Doesn’t this still bruise the hell out of you? Who were these “young women” who let people shoot at them?


To demonstrate the effectiveness of a bullet-proof vest he invented, a New York man donned the garment, posed as the target and allowed three policemen to shoot at him at close range. Repeated fire of thirty-eight and forty-five caliber bullets failed to penetrate the vest. The missiles were flattened against the sides of the protector and fell harmless to the ground. Following this demonstration, young women put on the vests and also served as targets.

  1. Blurgle says: December 23, 20078:42 am

    This is the worst photo-manipulation I’ve seen in ages.

  2. phil says: December 24, 20075:04 am

    ohhh no they didnt.

    sorry xmas overload

  3. NikFromNYC says: January 11, 200811:42 pm

    Damn you!!! My “I Want To Believe” poster now has to come down, even. And I thought *I* was a sceptic. But I guess us scientists are the easiest to fool, thinking a picture is a picture, since all *our* friends (fellow scientists) don’t tend to fake pictures.

    I know it’s fake though, since I researched such vest materials, half a century after this blurb. And they don’t let bullets go into bodies, but they still let bullets break ribs, since it’s like taking a punch from a professional boxer, bare-fisted, unless you want it to weigh 85 pounds, which you don’t.

    There is no way to make a perfect BPV (bullet proof vest), and it will take another 100 years to make it.

    Saw a kung-foo movie once. They deflected bullets by angling their palms as they arrived. Not as good as The Matrix through, since they kept using the same stupid trick a hundred times in two hours.

  4. KHarn says: March 2, 20083:28 pm

    It’s a real vest. While the picture is a bad re-enactment (The distance was greater than that) the vests from the 1920s and 30s could stop a .38 special bullet fired from ten yards, a .45 acp at sixteen. The old vests used STEEL or DURALUMINUM alowing the wearer to withstand “blunt action trama”.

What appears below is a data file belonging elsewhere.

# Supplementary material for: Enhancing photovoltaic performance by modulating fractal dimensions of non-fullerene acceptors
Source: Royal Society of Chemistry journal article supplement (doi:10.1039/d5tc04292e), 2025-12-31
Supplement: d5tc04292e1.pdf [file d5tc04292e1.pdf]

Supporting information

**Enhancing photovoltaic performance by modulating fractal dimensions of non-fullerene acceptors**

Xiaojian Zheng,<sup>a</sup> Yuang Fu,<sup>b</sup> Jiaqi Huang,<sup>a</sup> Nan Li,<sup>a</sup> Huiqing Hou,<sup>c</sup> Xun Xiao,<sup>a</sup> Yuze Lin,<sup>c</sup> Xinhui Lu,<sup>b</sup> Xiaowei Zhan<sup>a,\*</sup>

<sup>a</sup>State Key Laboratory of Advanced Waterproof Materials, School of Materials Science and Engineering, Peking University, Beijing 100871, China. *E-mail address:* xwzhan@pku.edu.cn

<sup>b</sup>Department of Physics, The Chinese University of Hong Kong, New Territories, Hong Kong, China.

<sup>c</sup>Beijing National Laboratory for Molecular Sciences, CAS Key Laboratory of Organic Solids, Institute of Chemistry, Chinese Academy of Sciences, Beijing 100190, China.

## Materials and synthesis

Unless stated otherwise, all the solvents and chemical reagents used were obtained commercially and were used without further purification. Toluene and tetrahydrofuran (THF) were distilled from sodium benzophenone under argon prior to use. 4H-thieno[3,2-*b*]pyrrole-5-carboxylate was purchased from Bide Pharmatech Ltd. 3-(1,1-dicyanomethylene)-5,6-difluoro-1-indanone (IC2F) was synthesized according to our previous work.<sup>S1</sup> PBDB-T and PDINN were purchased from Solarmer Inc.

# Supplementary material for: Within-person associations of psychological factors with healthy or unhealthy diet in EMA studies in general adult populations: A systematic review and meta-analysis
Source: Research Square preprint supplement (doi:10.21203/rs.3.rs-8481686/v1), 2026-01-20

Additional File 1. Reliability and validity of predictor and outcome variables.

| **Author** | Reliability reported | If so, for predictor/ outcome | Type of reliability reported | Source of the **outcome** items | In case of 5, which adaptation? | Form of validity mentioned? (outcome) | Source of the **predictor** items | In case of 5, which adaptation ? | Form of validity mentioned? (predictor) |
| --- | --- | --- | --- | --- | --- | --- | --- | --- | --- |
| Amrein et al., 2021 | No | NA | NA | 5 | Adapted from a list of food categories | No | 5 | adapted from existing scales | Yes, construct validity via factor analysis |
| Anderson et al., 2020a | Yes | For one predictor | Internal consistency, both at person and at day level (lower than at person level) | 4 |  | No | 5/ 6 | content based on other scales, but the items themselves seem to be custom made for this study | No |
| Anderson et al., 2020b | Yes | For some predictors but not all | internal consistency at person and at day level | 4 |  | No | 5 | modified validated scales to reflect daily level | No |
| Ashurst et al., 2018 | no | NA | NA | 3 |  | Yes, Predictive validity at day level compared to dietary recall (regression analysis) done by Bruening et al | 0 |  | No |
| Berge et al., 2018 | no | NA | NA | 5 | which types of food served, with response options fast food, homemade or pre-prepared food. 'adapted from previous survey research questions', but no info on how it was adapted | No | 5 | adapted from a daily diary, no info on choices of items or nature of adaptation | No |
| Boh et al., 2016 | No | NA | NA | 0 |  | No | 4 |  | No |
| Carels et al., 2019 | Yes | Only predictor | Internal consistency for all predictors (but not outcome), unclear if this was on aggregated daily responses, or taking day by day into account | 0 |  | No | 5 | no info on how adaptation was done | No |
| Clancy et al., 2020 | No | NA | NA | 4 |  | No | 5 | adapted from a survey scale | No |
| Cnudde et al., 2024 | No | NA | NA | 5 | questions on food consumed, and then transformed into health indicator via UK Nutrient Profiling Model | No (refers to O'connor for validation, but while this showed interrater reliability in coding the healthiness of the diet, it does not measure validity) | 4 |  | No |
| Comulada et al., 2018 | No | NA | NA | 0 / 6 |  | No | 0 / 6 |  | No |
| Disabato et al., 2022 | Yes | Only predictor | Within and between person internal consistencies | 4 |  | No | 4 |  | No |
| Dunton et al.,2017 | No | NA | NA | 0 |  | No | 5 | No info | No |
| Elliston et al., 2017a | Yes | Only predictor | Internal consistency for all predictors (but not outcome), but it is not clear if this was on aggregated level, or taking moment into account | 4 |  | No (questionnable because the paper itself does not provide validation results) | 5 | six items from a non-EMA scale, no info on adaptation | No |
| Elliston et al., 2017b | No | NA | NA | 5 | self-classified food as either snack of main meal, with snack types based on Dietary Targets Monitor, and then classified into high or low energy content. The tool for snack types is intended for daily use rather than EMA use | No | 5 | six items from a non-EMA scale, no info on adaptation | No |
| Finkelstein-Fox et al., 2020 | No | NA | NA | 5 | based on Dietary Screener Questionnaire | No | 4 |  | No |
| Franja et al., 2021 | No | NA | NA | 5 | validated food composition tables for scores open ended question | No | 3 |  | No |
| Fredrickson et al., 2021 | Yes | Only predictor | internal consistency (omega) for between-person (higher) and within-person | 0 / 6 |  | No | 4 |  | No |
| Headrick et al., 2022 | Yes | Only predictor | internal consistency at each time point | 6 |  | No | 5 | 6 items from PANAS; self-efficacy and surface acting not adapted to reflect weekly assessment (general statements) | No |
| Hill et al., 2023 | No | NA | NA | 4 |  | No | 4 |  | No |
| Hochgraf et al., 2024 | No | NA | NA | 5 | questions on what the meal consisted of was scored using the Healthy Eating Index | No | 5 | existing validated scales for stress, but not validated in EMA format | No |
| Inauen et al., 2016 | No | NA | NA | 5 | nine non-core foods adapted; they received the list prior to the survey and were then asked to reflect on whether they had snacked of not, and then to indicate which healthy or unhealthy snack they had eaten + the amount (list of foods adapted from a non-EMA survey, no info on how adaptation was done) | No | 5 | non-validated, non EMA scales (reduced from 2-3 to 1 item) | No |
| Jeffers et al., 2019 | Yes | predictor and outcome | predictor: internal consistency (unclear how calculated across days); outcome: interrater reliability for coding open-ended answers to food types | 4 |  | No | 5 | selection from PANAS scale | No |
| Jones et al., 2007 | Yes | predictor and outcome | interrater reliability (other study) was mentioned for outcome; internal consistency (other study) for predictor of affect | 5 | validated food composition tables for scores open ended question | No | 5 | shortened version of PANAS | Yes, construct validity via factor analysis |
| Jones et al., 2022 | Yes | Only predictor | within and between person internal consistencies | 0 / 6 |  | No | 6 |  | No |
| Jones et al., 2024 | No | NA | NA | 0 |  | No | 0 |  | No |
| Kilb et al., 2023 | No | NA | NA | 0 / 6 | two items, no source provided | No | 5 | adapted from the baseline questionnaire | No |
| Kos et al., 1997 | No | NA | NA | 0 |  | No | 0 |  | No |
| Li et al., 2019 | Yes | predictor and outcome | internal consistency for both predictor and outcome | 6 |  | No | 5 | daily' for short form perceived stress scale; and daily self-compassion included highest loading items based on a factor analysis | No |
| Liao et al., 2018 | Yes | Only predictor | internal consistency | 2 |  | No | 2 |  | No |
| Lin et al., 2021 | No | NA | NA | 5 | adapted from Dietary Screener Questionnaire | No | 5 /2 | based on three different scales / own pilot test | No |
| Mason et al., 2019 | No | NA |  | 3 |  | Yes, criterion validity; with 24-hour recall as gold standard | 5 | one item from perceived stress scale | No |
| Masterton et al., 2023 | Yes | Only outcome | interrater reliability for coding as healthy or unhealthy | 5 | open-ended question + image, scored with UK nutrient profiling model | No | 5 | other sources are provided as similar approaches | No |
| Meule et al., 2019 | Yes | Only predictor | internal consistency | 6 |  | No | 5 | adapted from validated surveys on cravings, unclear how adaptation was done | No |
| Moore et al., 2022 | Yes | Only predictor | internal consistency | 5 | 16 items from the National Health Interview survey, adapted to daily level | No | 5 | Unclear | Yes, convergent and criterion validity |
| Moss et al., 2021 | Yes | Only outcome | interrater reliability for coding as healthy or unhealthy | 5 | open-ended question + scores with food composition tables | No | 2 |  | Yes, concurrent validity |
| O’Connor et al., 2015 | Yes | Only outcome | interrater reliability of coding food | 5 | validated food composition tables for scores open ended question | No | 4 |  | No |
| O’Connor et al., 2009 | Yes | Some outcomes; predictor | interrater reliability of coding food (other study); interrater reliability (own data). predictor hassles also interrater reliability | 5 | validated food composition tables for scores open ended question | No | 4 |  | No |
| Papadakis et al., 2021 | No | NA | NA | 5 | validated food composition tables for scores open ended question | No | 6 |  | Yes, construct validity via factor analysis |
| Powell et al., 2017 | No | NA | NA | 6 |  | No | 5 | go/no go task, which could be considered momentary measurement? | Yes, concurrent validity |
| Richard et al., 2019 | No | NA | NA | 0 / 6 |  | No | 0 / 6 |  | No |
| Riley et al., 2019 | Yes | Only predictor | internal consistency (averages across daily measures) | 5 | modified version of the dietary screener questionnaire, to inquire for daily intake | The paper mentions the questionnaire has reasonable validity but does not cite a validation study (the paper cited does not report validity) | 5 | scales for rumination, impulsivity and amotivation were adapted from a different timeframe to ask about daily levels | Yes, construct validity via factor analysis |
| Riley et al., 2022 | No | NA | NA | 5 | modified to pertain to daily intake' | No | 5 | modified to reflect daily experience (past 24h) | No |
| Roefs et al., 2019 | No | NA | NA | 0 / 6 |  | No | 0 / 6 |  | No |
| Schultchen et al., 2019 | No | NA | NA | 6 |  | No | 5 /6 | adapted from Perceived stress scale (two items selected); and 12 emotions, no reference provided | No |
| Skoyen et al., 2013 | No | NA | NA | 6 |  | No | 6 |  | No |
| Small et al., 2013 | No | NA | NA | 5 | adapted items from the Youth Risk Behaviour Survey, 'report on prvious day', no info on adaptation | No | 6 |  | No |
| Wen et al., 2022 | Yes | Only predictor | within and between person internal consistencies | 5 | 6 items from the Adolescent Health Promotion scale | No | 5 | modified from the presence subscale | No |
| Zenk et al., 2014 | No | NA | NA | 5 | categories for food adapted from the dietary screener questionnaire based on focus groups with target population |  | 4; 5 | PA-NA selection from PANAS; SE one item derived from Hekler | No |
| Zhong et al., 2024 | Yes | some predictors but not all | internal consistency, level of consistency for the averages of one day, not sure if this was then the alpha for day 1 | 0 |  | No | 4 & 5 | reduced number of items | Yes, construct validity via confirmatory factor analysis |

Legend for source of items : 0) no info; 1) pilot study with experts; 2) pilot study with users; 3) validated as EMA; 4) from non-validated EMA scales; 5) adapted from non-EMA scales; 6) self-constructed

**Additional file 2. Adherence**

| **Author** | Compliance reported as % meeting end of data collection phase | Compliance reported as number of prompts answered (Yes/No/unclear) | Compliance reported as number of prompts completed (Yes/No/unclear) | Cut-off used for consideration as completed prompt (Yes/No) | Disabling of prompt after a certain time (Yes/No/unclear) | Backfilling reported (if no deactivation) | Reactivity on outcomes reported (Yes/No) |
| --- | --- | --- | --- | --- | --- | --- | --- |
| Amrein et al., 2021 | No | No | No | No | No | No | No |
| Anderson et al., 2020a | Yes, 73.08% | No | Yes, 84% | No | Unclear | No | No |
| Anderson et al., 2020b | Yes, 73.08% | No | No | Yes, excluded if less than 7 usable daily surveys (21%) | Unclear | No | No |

5. Alan McGowan says: November 1, 20094:20 pm

    early bullet resistant vests used either magnesium or pressed paper plywood panels to stop low velociety rounds. because the whole panel is trust inward at once the bruising is minor if any. However, the problems with this have already been stated. Magnesium is flamable at 400 degees fer. and plywood is heavy and rots. The military and police forces of the US at the time didn’t buy these vests for those reasons. Also they could only defeat pistol rounds like 38. special, a military grade 30-06 would blast right through it. How ever some designs did make it in the army air force during WWII as flak jackets. this is why the invention first (true) bullet resistant vest is credited to Second-chance body armor for its use of Kevlar panels.

  6. Firebrand38 says: November 1, 20094:52 pm

    Alan McGowan: Magnesium or pressed paper plywood panels? I’m familiar with cotton wadding in the 30’s and aluminum or steel reinforcement but I’d need to see a source for the ones that you were talking about.
    As for Richard Davis inventing the first bullet resistant vest (true or otherwise) in 1976 I think that the National Institute of Justice, the American Body Armor Company and Richard A. Armellino might have something to say about that. Note Mr. Armellino’s patent here http://www.google.com/p…. Second Chance gets the credit for the first all-Kevlar vest. Still wouldn’t stop rifle bullets though, so I fail to see your point.

    One point that you missed in your scholarly essay was that in 1924 the US military wasn’t buying much of anything much less body armor!

  7. robe says: January 22, 20105:28 pm

    first bulletproof vest 1901, Jan Borzykowski

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